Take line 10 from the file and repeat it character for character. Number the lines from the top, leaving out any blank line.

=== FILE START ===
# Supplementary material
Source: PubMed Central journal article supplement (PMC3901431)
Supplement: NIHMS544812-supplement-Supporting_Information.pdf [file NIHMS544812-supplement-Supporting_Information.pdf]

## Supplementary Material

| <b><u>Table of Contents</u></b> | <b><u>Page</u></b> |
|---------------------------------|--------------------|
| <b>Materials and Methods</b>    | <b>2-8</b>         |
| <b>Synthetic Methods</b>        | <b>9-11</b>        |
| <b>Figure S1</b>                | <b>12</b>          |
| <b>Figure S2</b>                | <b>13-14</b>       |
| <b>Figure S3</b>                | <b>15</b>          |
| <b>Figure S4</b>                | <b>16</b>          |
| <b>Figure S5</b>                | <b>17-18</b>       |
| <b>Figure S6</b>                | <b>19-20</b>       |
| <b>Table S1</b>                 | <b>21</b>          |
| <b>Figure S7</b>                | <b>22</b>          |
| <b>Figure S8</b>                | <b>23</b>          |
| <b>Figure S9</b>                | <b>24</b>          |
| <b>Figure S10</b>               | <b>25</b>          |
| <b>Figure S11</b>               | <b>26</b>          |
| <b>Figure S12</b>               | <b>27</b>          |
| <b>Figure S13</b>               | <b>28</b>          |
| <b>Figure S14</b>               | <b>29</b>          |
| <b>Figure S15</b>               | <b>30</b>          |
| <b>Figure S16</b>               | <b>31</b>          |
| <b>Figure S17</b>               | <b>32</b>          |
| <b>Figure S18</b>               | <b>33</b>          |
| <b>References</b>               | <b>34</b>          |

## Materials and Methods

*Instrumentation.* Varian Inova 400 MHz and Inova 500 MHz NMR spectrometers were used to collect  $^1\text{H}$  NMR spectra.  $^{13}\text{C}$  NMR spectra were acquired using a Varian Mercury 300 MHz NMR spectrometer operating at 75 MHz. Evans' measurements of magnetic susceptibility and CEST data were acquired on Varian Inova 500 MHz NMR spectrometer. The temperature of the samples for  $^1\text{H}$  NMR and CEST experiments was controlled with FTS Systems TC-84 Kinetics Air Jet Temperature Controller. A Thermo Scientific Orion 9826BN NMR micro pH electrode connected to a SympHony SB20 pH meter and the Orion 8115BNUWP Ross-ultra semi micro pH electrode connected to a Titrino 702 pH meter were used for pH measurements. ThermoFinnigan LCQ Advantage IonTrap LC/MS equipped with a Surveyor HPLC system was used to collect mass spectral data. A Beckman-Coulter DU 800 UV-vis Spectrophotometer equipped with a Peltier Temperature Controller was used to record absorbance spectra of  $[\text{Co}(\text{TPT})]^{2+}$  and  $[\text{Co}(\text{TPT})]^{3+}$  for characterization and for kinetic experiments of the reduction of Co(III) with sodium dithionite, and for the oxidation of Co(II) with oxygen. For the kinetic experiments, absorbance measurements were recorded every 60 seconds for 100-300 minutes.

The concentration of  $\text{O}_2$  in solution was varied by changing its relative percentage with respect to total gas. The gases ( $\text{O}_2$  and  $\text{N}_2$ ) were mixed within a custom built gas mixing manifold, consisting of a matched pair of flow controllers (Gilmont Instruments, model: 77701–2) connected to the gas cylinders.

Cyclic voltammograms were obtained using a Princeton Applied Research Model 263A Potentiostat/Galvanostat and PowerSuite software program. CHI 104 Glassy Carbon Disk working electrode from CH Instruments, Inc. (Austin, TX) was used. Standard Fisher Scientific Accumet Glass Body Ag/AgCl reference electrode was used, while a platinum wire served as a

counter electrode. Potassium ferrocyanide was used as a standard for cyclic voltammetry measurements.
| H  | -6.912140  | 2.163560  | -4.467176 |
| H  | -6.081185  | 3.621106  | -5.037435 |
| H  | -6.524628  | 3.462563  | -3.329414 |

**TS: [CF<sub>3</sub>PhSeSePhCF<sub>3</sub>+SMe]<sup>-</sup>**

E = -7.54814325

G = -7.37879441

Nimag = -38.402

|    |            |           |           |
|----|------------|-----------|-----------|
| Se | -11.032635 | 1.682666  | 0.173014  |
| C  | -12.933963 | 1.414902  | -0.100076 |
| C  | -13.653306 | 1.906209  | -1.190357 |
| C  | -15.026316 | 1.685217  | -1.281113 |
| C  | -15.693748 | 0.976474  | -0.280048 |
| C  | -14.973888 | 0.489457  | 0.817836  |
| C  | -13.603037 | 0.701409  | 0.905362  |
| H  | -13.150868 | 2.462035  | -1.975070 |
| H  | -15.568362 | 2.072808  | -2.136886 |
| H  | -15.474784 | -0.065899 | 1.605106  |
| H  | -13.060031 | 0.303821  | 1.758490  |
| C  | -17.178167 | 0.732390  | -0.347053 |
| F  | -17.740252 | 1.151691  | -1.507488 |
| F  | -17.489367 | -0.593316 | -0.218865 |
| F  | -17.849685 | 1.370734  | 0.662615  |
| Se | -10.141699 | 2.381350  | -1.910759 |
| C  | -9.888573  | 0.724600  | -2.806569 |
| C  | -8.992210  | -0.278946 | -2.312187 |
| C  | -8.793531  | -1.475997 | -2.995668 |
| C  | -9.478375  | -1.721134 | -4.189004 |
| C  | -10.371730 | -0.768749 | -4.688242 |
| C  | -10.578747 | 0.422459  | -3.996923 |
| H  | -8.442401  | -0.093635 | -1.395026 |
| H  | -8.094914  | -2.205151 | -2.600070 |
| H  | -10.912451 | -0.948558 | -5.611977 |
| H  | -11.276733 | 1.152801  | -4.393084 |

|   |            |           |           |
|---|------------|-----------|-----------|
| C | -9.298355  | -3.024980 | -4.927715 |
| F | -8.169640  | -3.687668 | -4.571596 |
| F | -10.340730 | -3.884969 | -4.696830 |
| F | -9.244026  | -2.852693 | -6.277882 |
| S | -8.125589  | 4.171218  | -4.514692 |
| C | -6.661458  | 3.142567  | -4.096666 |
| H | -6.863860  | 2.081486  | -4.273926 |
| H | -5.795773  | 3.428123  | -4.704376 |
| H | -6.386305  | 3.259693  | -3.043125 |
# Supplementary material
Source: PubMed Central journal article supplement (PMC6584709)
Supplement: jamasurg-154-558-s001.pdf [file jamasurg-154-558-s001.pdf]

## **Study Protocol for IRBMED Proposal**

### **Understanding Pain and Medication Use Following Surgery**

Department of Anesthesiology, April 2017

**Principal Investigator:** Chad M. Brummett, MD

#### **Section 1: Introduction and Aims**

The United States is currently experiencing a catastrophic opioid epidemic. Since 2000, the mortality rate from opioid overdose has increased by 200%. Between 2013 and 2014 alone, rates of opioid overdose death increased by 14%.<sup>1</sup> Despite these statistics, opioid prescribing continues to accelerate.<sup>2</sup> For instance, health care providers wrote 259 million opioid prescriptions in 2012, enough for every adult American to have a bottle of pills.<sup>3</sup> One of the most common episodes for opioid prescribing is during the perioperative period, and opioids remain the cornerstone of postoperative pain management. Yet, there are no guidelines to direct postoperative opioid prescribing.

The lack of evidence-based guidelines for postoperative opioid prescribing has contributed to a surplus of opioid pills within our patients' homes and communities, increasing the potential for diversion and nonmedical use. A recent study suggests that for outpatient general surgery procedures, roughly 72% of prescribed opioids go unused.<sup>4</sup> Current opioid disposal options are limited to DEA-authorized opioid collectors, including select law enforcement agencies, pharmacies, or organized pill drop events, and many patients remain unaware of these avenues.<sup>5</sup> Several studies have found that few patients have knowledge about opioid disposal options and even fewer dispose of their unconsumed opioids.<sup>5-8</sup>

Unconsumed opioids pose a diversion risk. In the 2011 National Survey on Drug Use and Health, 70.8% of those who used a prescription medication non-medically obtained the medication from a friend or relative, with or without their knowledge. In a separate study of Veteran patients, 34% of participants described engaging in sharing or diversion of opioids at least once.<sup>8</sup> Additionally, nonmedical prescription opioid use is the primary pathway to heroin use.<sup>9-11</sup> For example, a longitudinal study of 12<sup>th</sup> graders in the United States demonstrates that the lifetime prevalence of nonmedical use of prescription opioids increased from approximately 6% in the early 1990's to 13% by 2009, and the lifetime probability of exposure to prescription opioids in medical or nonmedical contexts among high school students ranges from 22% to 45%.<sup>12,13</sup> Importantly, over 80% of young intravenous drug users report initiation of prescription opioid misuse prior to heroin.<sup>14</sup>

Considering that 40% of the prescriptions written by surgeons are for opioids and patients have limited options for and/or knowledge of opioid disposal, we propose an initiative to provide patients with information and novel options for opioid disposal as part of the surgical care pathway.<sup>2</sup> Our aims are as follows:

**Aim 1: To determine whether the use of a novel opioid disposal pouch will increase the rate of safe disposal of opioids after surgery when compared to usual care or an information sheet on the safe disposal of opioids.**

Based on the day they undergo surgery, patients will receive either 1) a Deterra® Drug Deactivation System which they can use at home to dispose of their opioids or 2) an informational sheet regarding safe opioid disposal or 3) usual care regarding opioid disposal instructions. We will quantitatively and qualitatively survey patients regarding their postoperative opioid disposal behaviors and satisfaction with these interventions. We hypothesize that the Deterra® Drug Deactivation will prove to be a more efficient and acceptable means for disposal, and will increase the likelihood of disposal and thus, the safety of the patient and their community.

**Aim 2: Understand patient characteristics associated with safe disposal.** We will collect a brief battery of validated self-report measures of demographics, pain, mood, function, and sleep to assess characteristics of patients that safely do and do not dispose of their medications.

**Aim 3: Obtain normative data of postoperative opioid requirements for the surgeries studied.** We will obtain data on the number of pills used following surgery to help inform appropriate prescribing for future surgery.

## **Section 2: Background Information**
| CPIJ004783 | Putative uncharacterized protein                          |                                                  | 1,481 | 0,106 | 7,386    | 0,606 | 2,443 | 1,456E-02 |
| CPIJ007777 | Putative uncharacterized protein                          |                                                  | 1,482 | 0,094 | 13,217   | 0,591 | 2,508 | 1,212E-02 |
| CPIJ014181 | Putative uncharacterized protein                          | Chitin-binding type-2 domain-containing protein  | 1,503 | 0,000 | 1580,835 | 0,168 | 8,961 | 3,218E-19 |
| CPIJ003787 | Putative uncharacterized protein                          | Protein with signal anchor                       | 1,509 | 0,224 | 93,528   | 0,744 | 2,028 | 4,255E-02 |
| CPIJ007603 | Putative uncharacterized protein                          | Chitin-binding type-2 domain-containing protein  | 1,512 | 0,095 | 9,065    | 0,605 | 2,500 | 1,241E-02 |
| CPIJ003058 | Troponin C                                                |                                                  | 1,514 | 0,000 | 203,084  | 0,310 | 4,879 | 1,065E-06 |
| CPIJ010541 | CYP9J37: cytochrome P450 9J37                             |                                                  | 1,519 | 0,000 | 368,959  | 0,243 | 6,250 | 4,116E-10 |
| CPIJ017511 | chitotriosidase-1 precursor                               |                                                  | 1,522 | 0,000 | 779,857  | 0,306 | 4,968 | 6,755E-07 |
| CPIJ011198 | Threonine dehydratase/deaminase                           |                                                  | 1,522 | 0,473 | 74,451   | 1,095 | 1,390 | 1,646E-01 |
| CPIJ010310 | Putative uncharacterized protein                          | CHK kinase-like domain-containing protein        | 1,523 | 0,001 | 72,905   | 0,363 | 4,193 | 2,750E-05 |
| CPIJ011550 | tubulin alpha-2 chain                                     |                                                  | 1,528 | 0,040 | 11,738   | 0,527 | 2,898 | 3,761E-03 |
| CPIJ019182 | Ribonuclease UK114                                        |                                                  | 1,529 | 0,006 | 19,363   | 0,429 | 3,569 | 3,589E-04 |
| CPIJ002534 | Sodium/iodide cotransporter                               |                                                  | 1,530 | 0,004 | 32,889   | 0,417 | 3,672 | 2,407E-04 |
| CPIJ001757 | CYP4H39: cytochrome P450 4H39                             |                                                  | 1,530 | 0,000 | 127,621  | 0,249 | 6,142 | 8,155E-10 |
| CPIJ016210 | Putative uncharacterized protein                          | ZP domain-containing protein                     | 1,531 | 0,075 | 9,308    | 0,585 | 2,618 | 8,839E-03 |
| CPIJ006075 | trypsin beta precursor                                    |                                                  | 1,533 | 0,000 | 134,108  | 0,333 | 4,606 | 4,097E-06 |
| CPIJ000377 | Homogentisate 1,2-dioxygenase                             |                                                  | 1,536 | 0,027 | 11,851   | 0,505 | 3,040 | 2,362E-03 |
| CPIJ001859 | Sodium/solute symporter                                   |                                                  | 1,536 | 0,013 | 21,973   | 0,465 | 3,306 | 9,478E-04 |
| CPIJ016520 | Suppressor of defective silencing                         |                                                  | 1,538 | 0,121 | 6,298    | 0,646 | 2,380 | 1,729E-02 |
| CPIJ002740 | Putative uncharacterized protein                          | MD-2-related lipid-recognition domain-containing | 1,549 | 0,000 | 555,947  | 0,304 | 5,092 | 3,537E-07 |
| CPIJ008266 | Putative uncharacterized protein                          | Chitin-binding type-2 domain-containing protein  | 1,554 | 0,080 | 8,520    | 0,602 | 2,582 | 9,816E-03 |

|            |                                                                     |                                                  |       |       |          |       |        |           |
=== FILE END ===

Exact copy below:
| <b>Figure S2</b>                | <b>13-14</b>       |